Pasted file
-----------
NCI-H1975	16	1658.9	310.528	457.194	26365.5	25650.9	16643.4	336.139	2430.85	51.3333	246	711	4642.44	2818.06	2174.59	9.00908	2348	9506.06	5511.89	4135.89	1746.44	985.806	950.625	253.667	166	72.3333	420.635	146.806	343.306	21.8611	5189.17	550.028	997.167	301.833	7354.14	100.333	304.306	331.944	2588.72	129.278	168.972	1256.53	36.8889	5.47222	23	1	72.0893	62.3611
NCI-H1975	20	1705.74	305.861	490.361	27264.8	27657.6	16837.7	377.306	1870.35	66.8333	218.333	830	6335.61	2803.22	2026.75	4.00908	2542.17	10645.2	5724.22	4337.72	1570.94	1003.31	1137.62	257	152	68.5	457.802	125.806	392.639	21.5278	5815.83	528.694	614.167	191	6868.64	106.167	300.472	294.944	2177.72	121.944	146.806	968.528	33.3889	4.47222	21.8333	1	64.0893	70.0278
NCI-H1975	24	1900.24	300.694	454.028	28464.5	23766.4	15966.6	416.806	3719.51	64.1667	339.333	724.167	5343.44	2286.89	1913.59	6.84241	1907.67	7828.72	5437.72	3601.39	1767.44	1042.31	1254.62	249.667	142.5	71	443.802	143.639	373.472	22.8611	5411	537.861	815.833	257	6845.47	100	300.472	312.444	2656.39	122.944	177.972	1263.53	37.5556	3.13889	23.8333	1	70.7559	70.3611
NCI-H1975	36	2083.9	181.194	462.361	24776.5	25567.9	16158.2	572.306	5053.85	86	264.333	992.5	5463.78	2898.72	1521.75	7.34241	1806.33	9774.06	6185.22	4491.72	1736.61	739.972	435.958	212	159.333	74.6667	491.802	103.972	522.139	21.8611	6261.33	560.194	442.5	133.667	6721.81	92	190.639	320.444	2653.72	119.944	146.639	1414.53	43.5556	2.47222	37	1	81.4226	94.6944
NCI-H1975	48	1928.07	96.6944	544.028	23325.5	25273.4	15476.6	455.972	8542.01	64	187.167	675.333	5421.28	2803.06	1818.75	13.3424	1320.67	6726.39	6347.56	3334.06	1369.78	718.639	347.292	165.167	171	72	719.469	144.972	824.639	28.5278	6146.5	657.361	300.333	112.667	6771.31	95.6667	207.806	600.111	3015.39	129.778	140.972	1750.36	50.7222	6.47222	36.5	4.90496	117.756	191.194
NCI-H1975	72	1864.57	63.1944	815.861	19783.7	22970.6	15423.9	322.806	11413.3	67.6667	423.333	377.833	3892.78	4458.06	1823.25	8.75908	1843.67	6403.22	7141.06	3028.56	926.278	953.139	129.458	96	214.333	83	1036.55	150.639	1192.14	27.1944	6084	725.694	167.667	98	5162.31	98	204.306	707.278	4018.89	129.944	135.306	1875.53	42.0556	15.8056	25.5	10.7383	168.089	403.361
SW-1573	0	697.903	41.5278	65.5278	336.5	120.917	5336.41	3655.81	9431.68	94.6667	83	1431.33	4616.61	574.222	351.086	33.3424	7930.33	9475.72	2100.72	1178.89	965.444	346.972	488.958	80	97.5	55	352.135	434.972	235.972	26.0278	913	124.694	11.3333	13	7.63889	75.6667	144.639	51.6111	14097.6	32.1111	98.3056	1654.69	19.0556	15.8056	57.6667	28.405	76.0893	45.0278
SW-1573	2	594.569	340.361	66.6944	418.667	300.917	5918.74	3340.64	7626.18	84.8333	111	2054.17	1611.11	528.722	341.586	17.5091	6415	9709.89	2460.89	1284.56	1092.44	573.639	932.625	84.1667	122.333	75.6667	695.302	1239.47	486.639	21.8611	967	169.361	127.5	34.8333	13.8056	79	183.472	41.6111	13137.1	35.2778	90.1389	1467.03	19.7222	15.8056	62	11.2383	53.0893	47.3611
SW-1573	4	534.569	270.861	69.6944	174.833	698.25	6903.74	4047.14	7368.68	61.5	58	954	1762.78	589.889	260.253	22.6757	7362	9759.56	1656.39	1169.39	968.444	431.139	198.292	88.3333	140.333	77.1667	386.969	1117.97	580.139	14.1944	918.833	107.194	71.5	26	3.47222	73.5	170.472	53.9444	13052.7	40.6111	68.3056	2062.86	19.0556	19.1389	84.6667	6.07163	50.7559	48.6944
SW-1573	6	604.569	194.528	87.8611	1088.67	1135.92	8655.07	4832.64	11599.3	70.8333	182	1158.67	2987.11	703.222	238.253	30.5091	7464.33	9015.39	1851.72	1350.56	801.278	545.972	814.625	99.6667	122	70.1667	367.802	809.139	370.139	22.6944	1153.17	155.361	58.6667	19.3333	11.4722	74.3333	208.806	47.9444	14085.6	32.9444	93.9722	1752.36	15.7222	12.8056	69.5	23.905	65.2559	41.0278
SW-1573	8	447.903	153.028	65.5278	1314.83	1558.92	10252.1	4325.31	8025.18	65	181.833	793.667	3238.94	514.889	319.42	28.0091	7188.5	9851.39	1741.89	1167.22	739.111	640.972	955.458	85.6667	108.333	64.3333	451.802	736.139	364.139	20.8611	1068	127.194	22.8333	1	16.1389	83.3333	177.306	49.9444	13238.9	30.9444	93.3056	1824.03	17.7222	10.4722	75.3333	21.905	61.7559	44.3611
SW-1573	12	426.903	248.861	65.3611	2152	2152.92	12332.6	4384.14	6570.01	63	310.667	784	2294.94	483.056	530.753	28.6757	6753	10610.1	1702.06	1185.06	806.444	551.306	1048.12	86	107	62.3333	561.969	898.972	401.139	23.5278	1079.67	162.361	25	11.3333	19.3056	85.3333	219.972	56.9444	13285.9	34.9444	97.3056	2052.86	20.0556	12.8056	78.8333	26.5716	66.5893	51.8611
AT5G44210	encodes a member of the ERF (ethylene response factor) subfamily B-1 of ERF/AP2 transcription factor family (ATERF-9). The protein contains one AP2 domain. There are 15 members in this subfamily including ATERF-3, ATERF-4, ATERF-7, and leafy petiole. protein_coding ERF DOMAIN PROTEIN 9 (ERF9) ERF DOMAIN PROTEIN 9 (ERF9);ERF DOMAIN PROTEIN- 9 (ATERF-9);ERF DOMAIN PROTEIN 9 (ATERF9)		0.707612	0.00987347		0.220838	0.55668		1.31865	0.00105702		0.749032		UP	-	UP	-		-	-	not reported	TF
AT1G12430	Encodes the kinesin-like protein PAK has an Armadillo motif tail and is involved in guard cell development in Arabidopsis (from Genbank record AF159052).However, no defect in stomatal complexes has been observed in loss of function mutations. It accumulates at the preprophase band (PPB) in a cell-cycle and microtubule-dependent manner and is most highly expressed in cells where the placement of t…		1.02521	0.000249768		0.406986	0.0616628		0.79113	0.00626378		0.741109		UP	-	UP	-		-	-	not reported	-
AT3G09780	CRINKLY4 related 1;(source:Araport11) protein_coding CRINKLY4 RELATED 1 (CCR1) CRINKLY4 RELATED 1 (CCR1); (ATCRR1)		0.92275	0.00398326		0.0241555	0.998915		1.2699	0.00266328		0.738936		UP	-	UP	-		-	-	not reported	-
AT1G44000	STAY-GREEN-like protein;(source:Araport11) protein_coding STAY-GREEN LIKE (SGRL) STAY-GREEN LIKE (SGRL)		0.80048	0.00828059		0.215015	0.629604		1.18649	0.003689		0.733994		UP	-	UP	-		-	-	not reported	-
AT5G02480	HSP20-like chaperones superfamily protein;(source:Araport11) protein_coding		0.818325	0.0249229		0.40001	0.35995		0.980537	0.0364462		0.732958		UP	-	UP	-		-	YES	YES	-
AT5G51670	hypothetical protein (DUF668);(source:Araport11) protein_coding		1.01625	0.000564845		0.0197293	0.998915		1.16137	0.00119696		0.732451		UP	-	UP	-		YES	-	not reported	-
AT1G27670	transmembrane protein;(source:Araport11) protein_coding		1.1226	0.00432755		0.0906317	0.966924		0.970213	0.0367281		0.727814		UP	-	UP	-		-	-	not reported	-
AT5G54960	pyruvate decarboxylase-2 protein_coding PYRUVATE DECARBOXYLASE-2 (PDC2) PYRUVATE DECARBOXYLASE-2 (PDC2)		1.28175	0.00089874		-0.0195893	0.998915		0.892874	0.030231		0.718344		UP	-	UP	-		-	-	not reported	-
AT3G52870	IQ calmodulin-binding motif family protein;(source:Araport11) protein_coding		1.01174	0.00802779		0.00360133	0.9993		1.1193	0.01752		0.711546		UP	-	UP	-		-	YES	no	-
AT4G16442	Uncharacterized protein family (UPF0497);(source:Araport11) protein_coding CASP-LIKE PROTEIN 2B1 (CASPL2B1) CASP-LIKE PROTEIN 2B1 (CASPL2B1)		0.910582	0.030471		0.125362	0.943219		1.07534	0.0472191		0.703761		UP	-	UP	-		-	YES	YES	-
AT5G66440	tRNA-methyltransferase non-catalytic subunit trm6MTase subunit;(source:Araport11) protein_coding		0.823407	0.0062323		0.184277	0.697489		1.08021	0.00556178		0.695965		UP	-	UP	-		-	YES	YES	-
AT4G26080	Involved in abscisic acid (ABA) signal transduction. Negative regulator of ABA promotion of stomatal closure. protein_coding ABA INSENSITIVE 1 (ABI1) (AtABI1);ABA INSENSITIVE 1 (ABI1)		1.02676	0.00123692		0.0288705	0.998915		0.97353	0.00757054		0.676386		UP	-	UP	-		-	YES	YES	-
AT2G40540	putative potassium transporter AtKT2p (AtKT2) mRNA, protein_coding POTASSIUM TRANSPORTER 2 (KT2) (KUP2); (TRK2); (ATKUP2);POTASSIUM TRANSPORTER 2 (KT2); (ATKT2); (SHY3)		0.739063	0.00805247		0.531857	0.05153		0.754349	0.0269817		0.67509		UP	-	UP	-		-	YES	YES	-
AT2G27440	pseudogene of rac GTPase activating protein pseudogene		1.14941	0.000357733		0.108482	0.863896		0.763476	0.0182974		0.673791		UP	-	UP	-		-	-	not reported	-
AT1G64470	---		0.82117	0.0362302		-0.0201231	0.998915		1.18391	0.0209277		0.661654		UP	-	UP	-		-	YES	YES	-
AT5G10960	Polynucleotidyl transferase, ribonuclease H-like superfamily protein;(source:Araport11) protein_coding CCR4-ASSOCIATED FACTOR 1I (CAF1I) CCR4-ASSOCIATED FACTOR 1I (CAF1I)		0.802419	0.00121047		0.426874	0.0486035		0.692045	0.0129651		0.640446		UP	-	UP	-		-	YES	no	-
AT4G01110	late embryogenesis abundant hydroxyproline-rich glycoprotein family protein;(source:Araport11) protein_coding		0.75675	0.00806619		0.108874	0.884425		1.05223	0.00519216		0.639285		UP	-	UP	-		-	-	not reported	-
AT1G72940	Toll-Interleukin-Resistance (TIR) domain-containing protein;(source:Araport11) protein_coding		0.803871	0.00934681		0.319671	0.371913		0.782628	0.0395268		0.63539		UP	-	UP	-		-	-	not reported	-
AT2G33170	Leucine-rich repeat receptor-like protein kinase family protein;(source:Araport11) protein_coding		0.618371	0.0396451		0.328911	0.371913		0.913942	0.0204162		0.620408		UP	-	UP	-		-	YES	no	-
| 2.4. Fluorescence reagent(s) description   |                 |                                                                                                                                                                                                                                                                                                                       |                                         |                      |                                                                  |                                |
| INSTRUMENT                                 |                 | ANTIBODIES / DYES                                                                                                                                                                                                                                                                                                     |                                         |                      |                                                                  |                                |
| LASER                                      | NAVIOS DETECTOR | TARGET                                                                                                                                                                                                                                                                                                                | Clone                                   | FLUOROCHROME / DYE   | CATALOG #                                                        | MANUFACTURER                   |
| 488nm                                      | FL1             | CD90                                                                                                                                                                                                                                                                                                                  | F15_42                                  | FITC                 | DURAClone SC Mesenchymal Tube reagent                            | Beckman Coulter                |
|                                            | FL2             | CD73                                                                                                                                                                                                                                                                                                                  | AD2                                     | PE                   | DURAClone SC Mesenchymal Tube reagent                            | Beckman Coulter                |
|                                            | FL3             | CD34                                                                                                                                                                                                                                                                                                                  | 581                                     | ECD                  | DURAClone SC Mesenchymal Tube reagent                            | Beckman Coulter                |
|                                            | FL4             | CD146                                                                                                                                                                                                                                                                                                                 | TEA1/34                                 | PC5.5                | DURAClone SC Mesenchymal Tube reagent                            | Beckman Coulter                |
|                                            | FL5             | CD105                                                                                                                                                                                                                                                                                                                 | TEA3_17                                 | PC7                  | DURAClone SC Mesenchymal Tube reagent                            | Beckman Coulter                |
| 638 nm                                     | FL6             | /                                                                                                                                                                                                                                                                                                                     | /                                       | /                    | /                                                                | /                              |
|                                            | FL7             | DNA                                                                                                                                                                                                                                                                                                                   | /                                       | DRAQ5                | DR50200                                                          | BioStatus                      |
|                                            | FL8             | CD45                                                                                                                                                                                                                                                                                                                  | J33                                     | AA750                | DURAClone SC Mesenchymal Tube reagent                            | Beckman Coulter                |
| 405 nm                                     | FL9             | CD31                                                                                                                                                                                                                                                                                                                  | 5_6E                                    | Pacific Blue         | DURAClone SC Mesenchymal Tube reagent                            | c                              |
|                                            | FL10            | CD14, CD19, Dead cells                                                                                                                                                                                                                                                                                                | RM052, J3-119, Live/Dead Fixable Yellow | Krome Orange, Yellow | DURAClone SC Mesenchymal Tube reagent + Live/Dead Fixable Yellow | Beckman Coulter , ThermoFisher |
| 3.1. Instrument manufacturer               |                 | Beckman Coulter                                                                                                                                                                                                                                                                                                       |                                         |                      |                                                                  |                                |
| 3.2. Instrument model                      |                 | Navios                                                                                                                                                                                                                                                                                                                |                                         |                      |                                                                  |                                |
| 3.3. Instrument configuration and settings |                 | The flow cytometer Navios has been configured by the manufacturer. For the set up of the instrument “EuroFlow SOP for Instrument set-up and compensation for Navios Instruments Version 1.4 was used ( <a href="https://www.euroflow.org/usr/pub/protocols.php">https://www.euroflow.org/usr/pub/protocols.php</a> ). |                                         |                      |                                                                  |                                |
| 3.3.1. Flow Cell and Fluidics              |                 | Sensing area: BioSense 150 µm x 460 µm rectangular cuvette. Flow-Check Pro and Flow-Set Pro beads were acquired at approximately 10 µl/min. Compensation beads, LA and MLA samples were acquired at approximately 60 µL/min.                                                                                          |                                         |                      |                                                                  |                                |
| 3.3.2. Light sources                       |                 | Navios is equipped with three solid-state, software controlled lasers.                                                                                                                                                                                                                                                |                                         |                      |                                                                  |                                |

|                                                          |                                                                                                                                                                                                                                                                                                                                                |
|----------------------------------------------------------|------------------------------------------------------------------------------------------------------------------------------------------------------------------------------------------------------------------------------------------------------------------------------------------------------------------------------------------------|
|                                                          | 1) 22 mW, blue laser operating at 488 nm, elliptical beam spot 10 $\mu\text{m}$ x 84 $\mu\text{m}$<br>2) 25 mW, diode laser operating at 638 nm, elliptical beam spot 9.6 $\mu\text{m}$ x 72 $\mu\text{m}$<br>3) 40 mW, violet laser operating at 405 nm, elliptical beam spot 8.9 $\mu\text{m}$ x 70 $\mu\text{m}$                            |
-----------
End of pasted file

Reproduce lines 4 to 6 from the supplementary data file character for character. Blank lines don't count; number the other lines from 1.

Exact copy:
NCI-H1975	36	2083.9	181.194	462.361	24776.5	25567.9	16158.2	572.306	5053.85	86	264.333	992.5	5463.78	2898.72	1521.75	7.34241	1806.33	9774.06	6185.22	4491.72	1736.61	739.972	435.958	212	159.333	74.6667	491.802	103.972	522.139	21.8611	6261.33	560.194	442.5	133.667	6721.81	92	190.639	320.444	2653.72	119.944	146.639	1414.53	43.5556	2.47222	37	1	81.4226	94.6944
NCI-H1975	48	1928.07	96.6944	544.028	23325.5	25273.4	15476.6	455.972	8542.01	64	187.167	675.333	5421.28	2803.06	1818.75	13.3424	1320.67	6726.39	6347.56	3334.06	1369.78	718.639	347.292	165.167	171	72	719.469	144.972	824.639	28.5278	6146.5	657.361	300.333	112.667	6771.31	95.6667	207.806	600.111	3015.39	129.778	140.972	1750.36	50.7222	6.47222	36.5	4.90496	117.756	191.194
NCI-H1975	72	1864.57	63.1944	815.861	19783.7	22970.6	15423.9	322.806	11413.3	67.6667	423.333	377.833	3892.78	4458.06	1823.25	8.75908	1843.67	6403.22	7141.06	3028.56	926.278	953.139	129.458	96	214.333	83	1036.55	150.639	1192.14	27.1944	6084	725.694	167.667	98	5162.31	98	204.306	707.278	4018.89	129.944	135.306	1875.53	42.0556	15.8056	25.5	10.7383	168.089	403.361